Friday, August 13, 2010

The Democratic Party and the politics of white racism (1 of 2)

Ross Barnett, Governor of Mississippi 1960-64 and a leader of white resistance to desegregation and the rule of law

While puzzling over the strange "concern troll" polemics of Bob Somerby at his Daily Howler site, I was struck by how his thinking on the subject of Democrats and the politics of race resembles a particular strain of thinking among Democrats circa 1992. For one representative version of this line of argument, see the sad 1991 book, Chain Reaction: The Impact of Race, Rights, and Taxes on American Politics by Thomas Edsall and Mary Edsall. Here is how Thomas Edsall stated his view around the same time in Willie Horton's Message New York Review of Books 02/03/1992 edition (link behind subscription):

These issues - including, crime, welfare, affirmative action, defendant's rights, the erosion of the family - exploit the combination of racial tension and resentment toward special privileges for the poor, and toward tax dollars going to people who do not deserve them. That such feelings have become so visible and highly charged has put Democratic liberals at a disadvantage. It is hard for Democratic politicians to make political capital out of the sluggish economy and the divisions on the right because too many voters in presidential elections are hostile to their approach to social issues. The contemporary failure of liberalism lies not only in its dramatic loss of majority support but in the vehemence and seeming inexplicability of the sustained rejection by the voters of the Democratic Party and its nominees. The moderately egalitarian New Deal liberalism that produced majorities from the start of the Great Depression through the election of Lyndon Johnson has been undermined by the competition between constituencies and interests that now differ sharply about the meaning of equality. In Birmingham, Alabama, formerly Democratic white firemen angrily oppose still Democratic black firemen over the standards to be met for promotion to lieutenant and captain. In East Los Angeles Hispanic parents claim that whites who fled into the San Fernando Valley twenty years ago are trying to keep Hispanic students out of UCLA.

The leading activists within the Democratic Party, who largely control the selection of nominees, are far more willing than the public generally to allocate resources favoring relative newcomers, whether for education or welfare or public jobs, along racial, ideological, and ethnic lines. The bitterness of the disputes over such matters as municipal contract "set-asides" for minorities and over admission to the advanced "magnet schools" in some cities has made heterogeneity, once the strength of the Democratic Party, a source of destructive political infighting. The demands of Democratic politicians for fairer taxes and new public investment might seem to have obvious political appeal in 1992; but those demands are regarded skeptically by voters who ask: fairness for whom? investment for the benefit of which racial or ethnic groups? or which gender? [my emphasis]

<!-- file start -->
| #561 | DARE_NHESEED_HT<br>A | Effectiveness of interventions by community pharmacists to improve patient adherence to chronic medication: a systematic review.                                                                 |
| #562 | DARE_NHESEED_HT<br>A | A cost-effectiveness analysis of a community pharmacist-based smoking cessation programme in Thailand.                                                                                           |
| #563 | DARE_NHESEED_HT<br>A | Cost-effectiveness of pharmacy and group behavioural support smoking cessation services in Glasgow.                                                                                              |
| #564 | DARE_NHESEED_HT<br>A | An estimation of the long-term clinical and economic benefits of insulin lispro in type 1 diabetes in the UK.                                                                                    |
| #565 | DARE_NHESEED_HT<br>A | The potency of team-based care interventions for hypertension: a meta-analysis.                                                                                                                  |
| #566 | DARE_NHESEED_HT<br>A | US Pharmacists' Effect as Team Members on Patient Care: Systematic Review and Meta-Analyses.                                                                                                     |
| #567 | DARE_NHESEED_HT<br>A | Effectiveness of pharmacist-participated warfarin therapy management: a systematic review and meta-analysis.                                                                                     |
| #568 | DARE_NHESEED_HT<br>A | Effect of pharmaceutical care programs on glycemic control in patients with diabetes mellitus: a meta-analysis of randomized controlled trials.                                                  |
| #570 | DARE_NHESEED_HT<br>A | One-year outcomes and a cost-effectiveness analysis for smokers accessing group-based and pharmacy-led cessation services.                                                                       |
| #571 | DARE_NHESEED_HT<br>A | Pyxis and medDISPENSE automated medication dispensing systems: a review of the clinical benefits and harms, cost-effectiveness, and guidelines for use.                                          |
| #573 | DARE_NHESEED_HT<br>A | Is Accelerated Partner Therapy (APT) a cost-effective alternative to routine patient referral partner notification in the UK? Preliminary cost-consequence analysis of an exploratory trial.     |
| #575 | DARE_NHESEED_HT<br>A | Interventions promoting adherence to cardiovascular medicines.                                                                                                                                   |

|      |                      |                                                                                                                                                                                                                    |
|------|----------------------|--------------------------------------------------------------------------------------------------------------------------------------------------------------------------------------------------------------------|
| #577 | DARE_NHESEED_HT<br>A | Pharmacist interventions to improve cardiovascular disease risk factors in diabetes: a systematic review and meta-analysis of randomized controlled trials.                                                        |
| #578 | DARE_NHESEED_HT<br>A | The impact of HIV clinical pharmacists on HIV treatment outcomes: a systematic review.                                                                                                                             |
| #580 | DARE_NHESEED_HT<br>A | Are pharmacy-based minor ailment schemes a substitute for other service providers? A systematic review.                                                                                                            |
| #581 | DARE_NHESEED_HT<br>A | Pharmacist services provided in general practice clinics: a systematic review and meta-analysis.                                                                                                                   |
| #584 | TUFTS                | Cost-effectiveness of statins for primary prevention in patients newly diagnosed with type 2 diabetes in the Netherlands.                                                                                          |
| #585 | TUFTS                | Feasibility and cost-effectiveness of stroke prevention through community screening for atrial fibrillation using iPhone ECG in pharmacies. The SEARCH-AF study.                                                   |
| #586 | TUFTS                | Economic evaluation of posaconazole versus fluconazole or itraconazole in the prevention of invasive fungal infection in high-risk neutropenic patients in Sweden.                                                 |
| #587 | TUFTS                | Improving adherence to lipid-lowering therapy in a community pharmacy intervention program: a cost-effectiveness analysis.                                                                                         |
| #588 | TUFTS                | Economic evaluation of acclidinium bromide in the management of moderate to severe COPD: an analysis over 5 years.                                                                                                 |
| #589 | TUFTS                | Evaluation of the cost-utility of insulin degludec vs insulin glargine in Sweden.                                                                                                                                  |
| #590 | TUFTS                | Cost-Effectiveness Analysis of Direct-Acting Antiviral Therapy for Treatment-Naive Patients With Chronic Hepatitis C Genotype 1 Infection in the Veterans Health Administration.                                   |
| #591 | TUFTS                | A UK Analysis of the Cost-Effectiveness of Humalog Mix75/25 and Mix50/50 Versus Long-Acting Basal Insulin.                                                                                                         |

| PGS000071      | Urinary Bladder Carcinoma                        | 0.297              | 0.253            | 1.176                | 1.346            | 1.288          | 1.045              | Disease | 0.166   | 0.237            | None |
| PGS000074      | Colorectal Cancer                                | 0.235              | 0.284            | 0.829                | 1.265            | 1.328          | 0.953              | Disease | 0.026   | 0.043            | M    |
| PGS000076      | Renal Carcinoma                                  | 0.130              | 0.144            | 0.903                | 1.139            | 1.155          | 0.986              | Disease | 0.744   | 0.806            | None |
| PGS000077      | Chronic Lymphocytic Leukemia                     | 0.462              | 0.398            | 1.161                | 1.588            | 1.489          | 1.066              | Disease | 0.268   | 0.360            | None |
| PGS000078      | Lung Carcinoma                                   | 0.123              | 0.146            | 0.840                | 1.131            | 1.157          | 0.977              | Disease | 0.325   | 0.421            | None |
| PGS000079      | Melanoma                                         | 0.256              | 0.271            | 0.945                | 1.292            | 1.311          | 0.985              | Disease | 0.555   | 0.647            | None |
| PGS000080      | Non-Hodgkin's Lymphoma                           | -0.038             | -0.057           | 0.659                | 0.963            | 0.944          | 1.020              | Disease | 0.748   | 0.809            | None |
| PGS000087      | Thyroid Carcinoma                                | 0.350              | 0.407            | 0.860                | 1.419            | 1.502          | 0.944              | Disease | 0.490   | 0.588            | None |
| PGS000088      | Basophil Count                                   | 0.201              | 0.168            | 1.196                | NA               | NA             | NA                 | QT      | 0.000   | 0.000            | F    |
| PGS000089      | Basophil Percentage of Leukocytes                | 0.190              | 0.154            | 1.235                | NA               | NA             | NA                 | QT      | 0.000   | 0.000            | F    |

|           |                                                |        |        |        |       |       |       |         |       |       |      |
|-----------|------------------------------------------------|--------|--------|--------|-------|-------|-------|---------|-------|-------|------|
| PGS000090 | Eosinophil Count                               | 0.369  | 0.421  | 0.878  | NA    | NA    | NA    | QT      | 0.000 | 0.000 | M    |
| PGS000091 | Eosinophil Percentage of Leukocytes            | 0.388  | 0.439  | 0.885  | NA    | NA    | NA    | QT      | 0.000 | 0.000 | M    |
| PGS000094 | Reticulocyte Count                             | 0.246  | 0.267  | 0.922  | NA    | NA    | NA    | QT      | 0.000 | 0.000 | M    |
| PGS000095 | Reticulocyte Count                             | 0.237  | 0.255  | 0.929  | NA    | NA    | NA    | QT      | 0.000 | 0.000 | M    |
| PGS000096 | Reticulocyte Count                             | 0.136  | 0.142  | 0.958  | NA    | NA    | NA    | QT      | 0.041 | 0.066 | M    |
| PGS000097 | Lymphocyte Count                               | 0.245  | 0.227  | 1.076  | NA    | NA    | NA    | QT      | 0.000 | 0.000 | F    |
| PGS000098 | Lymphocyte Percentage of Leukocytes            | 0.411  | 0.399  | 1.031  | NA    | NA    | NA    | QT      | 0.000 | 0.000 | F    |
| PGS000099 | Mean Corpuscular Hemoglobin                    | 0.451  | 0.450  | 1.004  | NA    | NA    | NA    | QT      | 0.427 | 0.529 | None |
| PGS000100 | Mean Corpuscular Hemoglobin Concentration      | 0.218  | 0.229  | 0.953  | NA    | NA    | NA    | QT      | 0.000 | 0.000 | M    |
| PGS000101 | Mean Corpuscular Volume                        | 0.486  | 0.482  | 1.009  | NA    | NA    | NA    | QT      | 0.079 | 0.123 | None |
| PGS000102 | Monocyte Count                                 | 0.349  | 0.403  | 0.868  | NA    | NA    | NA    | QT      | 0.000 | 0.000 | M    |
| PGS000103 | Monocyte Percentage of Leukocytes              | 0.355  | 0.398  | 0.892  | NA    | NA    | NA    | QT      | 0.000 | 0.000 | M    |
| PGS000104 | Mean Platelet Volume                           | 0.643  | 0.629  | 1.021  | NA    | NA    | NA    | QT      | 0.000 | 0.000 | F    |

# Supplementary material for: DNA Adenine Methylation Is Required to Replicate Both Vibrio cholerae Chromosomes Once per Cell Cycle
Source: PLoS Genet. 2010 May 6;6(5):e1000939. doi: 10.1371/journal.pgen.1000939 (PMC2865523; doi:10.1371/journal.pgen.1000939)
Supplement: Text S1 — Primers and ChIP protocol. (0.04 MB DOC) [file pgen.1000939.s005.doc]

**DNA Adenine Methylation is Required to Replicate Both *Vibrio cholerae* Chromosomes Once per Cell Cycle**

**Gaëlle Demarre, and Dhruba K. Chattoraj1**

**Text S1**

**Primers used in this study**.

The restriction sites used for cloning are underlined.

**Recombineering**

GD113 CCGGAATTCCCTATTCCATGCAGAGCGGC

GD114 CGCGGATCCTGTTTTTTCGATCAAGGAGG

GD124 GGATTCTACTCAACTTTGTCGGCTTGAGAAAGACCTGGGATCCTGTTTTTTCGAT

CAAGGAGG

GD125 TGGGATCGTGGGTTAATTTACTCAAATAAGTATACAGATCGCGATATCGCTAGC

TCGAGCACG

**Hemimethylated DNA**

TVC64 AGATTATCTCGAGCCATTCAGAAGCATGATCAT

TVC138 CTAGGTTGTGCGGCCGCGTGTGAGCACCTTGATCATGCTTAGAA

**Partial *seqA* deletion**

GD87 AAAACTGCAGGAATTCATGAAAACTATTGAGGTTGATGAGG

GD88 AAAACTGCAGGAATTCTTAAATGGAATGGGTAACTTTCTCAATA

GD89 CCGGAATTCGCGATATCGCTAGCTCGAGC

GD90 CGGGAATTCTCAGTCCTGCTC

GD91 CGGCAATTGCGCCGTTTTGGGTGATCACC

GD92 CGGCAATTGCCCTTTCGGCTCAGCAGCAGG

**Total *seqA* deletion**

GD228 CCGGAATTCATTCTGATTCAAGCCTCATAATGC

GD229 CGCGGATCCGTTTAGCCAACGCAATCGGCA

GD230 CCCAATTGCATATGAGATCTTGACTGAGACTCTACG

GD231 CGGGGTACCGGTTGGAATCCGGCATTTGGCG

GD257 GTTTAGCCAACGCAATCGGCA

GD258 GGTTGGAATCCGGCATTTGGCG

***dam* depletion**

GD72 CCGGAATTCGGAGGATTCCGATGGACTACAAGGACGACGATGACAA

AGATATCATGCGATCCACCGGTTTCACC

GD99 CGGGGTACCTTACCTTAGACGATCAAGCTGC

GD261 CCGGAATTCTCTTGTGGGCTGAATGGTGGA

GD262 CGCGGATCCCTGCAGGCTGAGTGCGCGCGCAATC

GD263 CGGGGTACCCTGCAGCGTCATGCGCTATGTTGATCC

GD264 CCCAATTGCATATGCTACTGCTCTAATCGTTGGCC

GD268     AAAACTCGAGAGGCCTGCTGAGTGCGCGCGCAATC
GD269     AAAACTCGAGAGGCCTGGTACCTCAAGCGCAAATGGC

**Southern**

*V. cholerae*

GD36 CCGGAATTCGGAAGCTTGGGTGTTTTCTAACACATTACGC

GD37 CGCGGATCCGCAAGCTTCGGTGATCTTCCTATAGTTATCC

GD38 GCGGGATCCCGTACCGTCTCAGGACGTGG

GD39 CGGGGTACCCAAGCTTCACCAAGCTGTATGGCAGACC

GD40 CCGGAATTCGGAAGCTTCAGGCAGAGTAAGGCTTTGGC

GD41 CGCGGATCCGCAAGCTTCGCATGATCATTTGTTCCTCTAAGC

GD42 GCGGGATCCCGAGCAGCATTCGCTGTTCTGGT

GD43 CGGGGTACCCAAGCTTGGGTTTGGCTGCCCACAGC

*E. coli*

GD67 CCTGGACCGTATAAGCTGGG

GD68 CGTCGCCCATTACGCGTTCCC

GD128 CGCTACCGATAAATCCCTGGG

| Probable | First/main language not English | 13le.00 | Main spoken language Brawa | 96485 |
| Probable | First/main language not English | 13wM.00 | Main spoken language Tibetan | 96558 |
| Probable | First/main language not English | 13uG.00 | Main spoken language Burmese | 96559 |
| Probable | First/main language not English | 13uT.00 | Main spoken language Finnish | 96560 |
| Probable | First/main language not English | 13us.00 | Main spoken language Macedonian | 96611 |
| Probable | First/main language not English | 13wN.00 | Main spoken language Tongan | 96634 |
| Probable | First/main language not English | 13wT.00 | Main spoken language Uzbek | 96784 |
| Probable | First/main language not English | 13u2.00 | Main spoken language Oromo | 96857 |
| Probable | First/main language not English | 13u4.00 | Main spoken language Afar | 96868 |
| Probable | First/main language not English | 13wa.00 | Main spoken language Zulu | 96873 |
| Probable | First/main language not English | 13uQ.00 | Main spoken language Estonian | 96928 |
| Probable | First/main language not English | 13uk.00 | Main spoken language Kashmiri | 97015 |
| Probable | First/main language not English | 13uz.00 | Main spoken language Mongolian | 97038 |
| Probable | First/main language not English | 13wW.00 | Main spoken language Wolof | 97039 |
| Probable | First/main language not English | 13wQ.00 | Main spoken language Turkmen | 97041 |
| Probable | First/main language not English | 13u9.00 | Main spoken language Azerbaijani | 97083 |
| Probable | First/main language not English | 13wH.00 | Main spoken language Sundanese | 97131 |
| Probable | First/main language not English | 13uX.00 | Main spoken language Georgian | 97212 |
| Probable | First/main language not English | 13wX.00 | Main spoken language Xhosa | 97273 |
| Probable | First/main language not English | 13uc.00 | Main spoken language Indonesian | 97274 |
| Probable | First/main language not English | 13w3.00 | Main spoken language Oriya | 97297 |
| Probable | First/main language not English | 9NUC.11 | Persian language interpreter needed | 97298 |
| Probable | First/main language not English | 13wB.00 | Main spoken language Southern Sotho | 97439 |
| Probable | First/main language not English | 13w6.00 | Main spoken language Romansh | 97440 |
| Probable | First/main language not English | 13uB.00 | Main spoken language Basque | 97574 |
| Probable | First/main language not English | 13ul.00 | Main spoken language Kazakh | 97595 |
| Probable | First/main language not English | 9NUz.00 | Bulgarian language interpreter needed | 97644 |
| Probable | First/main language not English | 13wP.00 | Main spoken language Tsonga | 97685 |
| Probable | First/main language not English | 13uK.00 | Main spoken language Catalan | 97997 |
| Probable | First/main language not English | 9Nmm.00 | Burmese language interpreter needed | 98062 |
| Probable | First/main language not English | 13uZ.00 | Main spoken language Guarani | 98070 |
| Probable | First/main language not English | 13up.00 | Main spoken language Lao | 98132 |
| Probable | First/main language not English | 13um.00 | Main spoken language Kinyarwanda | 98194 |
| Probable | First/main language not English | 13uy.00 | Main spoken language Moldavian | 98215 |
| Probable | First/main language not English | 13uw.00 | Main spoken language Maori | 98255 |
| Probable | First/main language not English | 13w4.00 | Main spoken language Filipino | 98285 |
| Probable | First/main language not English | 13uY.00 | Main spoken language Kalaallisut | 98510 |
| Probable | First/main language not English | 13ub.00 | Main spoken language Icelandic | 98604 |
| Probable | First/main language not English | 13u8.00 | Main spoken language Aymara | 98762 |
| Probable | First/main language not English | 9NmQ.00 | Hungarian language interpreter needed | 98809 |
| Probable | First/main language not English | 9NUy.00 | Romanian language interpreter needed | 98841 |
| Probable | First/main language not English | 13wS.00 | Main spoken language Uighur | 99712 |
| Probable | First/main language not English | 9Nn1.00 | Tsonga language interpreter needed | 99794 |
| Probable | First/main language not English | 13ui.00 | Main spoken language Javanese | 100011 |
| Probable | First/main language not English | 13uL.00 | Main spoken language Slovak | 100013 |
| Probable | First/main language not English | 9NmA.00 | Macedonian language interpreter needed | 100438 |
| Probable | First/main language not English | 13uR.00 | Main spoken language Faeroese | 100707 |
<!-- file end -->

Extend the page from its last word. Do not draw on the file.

Edsall was and still is treated as a liberal. But this stuff has always read like a "concern troll" conservative pitch to me. In form, he's wringing his hands over the dilemma that the Democrats are committed to social justice in various forms, but are confronted with large numbers of white Real Americans who have unfortunate hostility toward various minorities and poor people.

One doesn't have to look too closely to see the problematic nature of Edsall's approach. For one thing, Edsall concentrated on Presidential elections, at a time when both Houses of Congress, a majority of governorships and most state legislators were Democratic. He uses this clumsy slight-of-hand to claim that "too many voters in presidential elections are hostile to their [the Democrats'] approach to social issues." But was that so? There are mounds of poll data one can parse various ways. But one of the paradoxes of the Republican dominance in Presidential politics from 1980 to 1992 was that on individual issues, including hot-button social issues like abortion, a majority or plurality favored Democratic positions. Asking the question, why do voters support Democratic positions but Republican Presidents get elected?, is a very different question than, how can the Democrats address the fact that so many voters are hostile to their positions on "social issues"?